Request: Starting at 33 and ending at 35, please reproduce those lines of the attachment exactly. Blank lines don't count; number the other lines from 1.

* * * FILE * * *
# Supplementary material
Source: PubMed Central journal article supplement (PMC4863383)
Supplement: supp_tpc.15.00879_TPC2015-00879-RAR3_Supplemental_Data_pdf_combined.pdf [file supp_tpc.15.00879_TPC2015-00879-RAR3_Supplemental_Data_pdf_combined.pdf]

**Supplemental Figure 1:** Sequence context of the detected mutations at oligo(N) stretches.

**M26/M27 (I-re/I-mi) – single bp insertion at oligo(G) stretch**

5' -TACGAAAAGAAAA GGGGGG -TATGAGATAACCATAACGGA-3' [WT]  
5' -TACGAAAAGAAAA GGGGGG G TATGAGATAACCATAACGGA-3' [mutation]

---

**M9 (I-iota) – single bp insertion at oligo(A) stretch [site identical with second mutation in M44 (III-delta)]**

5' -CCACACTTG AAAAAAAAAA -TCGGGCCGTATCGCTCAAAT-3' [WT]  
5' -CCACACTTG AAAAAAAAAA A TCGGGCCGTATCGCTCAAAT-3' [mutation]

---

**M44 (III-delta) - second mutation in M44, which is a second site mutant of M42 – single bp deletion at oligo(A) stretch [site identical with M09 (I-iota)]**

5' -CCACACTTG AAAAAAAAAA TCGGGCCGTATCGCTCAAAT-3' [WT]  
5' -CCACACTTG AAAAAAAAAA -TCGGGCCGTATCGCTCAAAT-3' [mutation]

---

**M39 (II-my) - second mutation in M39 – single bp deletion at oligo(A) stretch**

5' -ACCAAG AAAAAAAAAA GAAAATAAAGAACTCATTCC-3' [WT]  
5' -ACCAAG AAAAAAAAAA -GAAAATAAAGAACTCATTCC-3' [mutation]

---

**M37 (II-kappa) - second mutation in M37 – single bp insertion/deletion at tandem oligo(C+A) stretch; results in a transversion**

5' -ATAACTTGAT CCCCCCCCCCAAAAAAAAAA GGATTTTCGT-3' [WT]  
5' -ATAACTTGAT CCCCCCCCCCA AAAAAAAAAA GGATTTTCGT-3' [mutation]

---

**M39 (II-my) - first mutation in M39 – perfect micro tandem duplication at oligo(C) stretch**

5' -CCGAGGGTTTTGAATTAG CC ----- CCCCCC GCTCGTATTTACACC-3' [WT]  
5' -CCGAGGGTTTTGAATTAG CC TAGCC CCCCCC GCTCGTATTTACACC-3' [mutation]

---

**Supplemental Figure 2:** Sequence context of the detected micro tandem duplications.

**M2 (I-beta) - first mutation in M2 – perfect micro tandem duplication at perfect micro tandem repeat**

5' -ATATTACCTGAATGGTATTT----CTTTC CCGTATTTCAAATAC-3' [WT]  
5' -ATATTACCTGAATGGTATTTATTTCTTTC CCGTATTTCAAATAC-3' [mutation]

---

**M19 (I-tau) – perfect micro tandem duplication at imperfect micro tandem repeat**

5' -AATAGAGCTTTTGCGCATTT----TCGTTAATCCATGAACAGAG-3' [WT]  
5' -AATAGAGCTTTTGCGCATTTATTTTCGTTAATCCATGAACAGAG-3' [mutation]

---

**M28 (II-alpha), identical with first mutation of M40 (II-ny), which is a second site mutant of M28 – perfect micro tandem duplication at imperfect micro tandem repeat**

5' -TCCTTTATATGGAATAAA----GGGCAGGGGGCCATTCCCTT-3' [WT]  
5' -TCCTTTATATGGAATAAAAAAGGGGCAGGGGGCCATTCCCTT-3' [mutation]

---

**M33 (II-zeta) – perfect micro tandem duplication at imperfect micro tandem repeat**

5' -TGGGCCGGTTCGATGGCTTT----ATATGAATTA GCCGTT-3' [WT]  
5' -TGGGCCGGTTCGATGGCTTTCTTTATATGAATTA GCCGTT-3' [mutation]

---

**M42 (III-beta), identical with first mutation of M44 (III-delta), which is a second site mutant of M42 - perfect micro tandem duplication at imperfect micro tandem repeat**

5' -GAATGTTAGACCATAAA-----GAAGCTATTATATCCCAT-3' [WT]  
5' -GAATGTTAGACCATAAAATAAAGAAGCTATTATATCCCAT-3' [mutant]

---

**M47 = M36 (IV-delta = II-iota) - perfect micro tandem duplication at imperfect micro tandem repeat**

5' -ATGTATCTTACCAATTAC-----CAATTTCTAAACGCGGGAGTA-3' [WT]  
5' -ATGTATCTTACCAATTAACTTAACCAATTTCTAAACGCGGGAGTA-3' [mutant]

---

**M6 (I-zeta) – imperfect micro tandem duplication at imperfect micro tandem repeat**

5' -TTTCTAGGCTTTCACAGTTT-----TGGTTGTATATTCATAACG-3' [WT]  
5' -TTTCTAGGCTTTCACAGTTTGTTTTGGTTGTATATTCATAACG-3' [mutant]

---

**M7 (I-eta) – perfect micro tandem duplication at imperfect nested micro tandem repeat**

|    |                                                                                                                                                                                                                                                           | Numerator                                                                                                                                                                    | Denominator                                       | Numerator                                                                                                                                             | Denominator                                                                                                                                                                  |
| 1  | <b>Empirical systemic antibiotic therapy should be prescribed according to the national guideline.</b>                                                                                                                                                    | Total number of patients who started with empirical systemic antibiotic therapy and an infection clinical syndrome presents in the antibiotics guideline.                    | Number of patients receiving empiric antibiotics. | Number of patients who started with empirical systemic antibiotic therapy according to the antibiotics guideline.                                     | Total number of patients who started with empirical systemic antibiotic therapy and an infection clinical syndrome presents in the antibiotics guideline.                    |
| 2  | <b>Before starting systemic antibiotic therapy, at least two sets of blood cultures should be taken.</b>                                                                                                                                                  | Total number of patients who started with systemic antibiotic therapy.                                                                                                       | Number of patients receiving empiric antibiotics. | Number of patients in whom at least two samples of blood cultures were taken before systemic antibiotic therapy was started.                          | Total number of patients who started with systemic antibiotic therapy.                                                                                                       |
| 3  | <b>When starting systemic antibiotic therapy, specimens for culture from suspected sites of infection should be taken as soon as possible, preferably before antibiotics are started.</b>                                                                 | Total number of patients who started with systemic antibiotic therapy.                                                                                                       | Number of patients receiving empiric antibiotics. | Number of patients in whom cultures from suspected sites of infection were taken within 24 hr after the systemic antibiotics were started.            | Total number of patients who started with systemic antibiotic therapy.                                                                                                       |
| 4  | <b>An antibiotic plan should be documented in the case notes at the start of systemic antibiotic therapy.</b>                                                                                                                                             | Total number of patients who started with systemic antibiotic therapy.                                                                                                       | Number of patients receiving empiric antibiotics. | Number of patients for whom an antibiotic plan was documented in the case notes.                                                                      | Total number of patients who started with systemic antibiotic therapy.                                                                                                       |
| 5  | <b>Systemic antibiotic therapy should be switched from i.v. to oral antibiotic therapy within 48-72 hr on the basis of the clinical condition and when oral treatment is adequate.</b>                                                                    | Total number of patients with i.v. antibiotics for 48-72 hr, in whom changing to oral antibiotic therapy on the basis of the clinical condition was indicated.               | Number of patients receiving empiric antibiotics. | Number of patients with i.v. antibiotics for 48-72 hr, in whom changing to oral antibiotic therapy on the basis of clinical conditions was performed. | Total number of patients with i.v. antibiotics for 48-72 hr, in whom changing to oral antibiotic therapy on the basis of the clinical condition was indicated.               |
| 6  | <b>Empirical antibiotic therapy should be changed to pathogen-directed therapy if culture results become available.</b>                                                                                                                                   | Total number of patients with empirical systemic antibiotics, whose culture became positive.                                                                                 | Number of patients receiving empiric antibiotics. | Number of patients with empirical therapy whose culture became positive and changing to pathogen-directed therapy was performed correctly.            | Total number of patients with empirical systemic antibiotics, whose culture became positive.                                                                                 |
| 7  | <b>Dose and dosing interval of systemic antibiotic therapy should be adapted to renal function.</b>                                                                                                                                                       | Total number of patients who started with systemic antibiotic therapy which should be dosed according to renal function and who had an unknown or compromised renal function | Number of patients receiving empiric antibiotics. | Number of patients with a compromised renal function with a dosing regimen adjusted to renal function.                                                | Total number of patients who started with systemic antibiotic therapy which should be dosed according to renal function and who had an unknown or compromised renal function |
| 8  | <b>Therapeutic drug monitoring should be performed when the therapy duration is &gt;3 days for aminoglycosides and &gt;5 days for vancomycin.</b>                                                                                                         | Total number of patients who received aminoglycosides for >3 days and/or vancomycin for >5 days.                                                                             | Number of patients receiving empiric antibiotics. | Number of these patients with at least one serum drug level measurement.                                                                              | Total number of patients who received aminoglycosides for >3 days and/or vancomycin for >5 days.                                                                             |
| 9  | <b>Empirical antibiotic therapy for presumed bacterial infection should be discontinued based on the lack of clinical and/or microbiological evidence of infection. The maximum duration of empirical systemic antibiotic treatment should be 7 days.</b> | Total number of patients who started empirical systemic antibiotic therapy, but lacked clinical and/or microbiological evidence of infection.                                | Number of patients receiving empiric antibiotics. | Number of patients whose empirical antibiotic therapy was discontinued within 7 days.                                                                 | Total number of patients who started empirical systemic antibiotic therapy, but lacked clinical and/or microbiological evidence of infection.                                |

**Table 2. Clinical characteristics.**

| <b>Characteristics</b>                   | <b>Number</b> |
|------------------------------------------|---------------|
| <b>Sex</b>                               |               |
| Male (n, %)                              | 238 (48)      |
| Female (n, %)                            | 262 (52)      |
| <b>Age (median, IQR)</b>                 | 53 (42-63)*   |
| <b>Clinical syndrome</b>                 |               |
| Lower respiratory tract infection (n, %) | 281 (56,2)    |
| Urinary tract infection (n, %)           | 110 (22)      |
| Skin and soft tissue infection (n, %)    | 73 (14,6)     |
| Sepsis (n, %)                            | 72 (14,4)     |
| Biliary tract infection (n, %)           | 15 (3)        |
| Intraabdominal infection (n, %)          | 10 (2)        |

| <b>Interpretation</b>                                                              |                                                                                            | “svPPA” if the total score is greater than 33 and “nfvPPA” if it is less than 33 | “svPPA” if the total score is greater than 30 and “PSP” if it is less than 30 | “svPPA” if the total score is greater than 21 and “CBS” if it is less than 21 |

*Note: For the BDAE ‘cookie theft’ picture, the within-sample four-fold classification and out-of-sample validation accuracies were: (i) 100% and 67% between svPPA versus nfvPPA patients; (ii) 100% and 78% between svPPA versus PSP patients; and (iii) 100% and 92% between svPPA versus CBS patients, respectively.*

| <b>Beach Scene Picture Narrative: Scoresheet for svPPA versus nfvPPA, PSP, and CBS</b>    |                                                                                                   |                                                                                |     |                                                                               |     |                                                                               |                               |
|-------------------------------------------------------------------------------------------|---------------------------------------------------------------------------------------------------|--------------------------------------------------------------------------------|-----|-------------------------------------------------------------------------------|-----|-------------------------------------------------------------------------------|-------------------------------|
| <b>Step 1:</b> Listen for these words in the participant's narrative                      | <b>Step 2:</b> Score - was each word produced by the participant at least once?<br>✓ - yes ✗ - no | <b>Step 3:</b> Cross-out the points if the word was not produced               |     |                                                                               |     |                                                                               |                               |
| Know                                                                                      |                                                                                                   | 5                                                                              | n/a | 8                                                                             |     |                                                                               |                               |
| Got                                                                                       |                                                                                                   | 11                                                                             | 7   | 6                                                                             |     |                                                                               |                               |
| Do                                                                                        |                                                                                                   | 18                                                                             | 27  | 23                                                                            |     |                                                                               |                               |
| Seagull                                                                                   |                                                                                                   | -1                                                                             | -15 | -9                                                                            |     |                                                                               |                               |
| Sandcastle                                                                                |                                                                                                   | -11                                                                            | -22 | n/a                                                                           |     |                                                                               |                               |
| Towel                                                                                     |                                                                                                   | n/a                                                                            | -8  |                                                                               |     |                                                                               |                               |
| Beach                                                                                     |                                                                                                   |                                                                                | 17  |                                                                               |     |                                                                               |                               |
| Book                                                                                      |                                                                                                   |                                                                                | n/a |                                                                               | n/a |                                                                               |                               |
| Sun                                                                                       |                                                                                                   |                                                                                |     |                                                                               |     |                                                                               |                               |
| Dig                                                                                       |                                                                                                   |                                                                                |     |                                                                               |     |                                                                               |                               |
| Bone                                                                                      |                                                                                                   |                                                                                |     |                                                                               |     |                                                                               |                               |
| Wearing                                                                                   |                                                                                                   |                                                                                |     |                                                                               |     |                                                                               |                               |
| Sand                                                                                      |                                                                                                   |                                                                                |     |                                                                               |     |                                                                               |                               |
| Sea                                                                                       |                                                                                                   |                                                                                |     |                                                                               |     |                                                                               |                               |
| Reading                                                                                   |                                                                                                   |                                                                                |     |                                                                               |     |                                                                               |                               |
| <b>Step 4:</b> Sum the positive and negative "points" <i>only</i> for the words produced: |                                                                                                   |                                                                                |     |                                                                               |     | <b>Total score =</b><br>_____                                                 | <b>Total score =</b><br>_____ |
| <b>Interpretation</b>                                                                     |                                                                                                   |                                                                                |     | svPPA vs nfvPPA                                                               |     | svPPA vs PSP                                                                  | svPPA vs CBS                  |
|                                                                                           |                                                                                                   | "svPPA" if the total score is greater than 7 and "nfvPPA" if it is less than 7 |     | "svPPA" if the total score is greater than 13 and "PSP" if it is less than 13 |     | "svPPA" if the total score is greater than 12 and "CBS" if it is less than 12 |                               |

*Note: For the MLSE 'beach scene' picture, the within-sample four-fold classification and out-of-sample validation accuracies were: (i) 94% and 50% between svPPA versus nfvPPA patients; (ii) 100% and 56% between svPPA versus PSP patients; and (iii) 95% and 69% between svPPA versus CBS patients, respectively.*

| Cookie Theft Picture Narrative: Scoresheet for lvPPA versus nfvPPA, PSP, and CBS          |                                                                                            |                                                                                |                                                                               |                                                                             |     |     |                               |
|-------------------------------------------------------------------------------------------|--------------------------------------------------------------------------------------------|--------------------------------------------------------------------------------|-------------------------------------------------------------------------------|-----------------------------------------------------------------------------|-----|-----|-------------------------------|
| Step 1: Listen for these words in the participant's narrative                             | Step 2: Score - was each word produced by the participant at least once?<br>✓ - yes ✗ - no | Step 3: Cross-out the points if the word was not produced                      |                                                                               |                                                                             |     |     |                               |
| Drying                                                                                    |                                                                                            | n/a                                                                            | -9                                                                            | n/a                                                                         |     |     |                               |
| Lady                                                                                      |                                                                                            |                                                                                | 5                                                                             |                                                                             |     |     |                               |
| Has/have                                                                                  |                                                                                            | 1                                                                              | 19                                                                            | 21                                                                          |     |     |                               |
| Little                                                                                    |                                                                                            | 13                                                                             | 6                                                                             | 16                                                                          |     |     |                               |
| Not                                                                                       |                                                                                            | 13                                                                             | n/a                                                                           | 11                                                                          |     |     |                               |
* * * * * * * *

---

**M19 (I-tau) – perfect micro tandem duplication at imperfect micro tandem repeat**

5' -AATAGAGCTTTTGCGCATTT----TCGTTAATCCATGAACAGAG-3' [WT]  